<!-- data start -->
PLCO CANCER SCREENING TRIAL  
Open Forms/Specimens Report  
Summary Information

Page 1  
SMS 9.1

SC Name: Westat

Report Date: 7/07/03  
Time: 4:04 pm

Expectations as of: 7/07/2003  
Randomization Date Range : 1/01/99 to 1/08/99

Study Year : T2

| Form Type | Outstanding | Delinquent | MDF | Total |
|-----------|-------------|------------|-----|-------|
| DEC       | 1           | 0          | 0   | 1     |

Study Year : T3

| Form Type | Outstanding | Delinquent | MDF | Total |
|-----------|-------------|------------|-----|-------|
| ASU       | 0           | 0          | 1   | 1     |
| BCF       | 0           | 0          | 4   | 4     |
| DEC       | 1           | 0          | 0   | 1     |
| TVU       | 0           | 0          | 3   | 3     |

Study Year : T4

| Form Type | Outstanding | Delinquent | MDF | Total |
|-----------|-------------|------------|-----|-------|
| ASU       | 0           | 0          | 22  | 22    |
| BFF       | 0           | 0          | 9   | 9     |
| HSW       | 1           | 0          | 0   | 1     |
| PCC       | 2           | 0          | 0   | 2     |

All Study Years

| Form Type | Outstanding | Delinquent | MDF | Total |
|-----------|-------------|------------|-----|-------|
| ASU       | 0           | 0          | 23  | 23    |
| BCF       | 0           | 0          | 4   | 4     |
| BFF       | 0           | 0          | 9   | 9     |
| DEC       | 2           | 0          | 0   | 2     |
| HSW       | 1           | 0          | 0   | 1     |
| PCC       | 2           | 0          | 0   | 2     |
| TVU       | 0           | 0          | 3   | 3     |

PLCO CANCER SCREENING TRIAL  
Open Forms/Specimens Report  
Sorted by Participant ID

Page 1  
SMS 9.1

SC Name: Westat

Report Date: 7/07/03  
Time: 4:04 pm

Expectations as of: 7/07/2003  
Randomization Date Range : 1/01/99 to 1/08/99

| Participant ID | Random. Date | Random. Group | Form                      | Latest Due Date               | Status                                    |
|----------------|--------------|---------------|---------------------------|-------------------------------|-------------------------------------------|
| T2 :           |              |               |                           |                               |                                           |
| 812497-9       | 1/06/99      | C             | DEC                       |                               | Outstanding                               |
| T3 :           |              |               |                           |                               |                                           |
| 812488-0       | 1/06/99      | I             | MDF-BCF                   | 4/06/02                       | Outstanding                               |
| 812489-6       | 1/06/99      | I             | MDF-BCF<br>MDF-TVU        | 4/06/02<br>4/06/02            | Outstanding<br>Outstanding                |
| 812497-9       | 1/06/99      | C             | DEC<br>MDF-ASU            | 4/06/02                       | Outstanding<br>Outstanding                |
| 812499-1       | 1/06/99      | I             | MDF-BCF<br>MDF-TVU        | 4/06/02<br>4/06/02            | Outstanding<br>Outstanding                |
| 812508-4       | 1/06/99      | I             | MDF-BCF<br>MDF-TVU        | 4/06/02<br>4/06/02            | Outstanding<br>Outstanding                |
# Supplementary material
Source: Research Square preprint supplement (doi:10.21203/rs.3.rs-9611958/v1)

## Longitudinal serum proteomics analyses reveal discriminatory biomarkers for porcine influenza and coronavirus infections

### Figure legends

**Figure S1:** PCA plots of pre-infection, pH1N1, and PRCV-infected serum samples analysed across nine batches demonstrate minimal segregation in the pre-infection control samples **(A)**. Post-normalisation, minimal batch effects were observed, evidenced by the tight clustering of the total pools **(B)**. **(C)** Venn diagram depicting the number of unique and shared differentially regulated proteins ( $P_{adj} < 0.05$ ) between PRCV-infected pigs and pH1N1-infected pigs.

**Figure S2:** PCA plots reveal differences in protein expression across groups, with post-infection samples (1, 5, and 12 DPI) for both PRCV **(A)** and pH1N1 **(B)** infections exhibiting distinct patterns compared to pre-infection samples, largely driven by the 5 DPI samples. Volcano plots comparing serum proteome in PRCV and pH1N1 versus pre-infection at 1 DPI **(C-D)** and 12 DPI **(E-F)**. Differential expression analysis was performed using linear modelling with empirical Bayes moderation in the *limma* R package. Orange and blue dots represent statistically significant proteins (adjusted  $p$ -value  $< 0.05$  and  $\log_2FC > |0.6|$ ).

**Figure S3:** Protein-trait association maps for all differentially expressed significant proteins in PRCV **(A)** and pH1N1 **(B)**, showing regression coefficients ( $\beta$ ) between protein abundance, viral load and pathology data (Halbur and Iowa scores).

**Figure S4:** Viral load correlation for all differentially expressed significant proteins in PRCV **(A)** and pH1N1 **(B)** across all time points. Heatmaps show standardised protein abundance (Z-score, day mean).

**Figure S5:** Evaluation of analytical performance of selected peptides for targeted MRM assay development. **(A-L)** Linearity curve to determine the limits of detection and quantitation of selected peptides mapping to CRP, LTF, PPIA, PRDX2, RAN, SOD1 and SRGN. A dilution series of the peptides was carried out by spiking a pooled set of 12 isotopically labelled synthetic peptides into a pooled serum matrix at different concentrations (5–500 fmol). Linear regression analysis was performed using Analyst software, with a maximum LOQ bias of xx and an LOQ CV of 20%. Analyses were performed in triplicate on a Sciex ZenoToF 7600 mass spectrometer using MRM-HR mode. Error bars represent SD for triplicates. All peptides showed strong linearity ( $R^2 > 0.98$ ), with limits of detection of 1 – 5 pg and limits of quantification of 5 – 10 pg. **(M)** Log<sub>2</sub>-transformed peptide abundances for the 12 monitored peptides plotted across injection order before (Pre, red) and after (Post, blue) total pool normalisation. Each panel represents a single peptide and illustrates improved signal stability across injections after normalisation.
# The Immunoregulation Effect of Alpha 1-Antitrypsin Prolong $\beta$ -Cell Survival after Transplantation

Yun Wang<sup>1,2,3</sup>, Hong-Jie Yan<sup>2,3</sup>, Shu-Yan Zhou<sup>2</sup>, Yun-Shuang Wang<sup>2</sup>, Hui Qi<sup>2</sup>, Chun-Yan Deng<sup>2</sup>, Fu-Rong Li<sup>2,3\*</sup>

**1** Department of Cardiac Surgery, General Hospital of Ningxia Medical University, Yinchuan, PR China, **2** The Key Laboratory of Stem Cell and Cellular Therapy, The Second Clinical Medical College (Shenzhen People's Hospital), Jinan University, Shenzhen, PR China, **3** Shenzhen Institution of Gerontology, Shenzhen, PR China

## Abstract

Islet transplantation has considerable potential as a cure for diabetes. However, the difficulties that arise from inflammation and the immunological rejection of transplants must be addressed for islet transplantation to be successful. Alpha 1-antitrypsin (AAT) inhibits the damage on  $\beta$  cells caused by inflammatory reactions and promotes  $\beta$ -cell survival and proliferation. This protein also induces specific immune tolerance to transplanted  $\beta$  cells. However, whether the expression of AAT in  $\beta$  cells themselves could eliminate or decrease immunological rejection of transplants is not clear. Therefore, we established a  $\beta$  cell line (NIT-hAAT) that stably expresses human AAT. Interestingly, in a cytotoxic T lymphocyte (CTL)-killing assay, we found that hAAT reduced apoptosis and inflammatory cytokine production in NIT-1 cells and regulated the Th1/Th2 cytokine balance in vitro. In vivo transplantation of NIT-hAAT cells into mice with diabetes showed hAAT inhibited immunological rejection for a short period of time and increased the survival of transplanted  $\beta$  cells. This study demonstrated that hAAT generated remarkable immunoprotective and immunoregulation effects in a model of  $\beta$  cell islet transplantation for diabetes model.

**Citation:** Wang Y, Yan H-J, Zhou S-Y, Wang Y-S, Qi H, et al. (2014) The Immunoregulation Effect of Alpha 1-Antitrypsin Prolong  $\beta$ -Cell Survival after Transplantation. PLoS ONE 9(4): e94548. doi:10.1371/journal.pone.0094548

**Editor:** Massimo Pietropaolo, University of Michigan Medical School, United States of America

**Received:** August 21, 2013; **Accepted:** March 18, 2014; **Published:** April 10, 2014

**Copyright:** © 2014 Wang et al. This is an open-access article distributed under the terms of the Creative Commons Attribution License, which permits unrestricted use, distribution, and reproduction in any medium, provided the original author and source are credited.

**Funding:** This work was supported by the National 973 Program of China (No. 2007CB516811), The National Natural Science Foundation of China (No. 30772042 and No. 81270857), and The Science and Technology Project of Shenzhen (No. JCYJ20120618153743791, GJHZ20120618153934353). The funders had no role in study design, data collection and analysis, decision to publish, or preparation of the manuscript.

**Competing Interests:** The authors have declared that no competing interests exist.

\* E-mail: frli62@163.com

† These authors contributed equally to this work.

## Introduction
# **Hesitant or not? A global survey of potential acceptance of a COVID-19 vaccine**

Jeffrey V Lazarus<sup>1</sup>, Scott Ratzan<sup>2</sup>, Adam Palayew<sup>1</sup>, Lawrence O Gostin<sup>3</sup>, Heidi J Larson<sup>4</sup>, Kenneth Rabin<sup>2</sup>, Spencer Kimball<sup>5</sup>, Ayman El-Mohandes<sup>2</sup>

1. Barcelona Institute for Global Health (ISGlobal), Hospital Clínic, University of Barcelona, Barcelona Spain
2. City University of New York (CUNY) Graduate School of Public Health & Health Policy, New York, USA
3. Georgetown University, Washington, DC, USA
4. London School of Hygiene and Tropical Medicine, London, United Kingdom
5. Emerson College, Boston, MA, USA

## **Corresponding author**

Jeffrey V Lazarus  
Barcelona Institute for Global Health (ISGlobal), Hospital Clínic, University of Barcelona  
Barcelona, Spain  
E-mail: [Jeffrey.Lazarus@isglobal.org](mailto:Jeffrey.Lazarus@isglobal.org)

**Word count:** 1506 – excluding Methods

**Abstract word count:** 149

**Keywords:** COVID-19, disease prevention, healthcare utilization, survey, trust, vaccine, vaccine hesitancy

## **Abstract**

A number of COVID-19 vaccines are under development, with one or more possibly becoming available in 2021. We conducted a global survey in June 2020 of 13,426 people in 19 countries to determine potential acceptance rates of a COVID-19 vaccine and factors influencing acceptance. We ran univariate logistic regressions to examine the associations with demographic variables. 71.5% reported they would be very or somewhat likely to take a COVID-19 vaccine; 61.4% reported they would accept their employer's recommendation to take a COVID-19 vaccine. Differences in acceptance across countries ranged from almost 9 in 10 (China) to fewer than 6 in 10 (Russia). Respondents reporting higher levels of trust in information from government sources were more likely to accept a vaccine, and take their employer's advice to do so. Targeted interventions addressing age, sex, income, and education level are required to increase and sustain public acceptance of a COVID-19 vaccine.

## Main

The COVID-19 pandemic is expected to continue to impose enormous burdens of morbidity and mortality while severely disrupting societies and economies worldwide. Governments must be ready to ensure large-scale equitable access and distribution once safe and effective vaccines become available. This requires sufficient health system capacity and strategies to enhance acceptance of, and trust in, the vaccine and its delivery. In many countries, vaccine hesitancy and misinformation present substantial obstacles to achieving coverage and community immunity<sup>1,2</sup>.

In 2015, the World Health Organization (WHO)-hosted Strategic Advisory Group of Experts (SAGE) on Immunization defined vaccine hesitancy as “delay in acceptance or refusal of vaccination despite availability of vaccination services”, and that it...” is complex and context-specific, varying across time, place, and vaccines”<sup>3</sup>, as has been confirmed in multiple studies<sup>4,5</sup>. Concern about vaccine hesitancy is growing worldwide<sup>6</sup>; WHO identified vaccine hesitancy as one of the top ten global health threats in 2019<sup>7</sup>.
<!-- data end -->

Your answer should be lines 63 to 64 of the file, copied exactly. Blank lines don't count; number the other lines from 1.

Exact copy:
**Figure S1:** PCA plots of pre-infection, pH1N1, and PRCV-infected serum samples analysed across nine batches demonstrate minimal segregation in the pre-infection control samples **(A)**. Post-normalisation, minimal batch effects were observed, evidenced by the tight clustering of the total pools **(B)**. **(C)** Venn diagram depicting the number of unique and shared differentially regulated proteins ( $P_{adj} < 0.05$ ) between PRCV-infected pigs and pH1N1-infected pigs.

**Figure S2:** PCA plots reveal differences in protein expression across groups, with post-infection samples (1, 5, and 12 DPI) for both PRCV **(A)** and pH1N1 **(B)** infections exhibiting distinct patterns compared to pre-infection samples, largely driven by the 5 DPI samples. Volcano plots comparing serum proteome in PRCV and pH1N1 versus pre-infection at 1 DPI **(C-D)** and 12 DPI **(E-F)**. Differential expression analysis was performed using linear modelling with empirical Bayes moderation in the *limma* R package. Orange and blue dots represent statistically significant proteins (adjusted  $p$ -value  $< 0.05$  and  $\log_2FC > |0.6|$ ).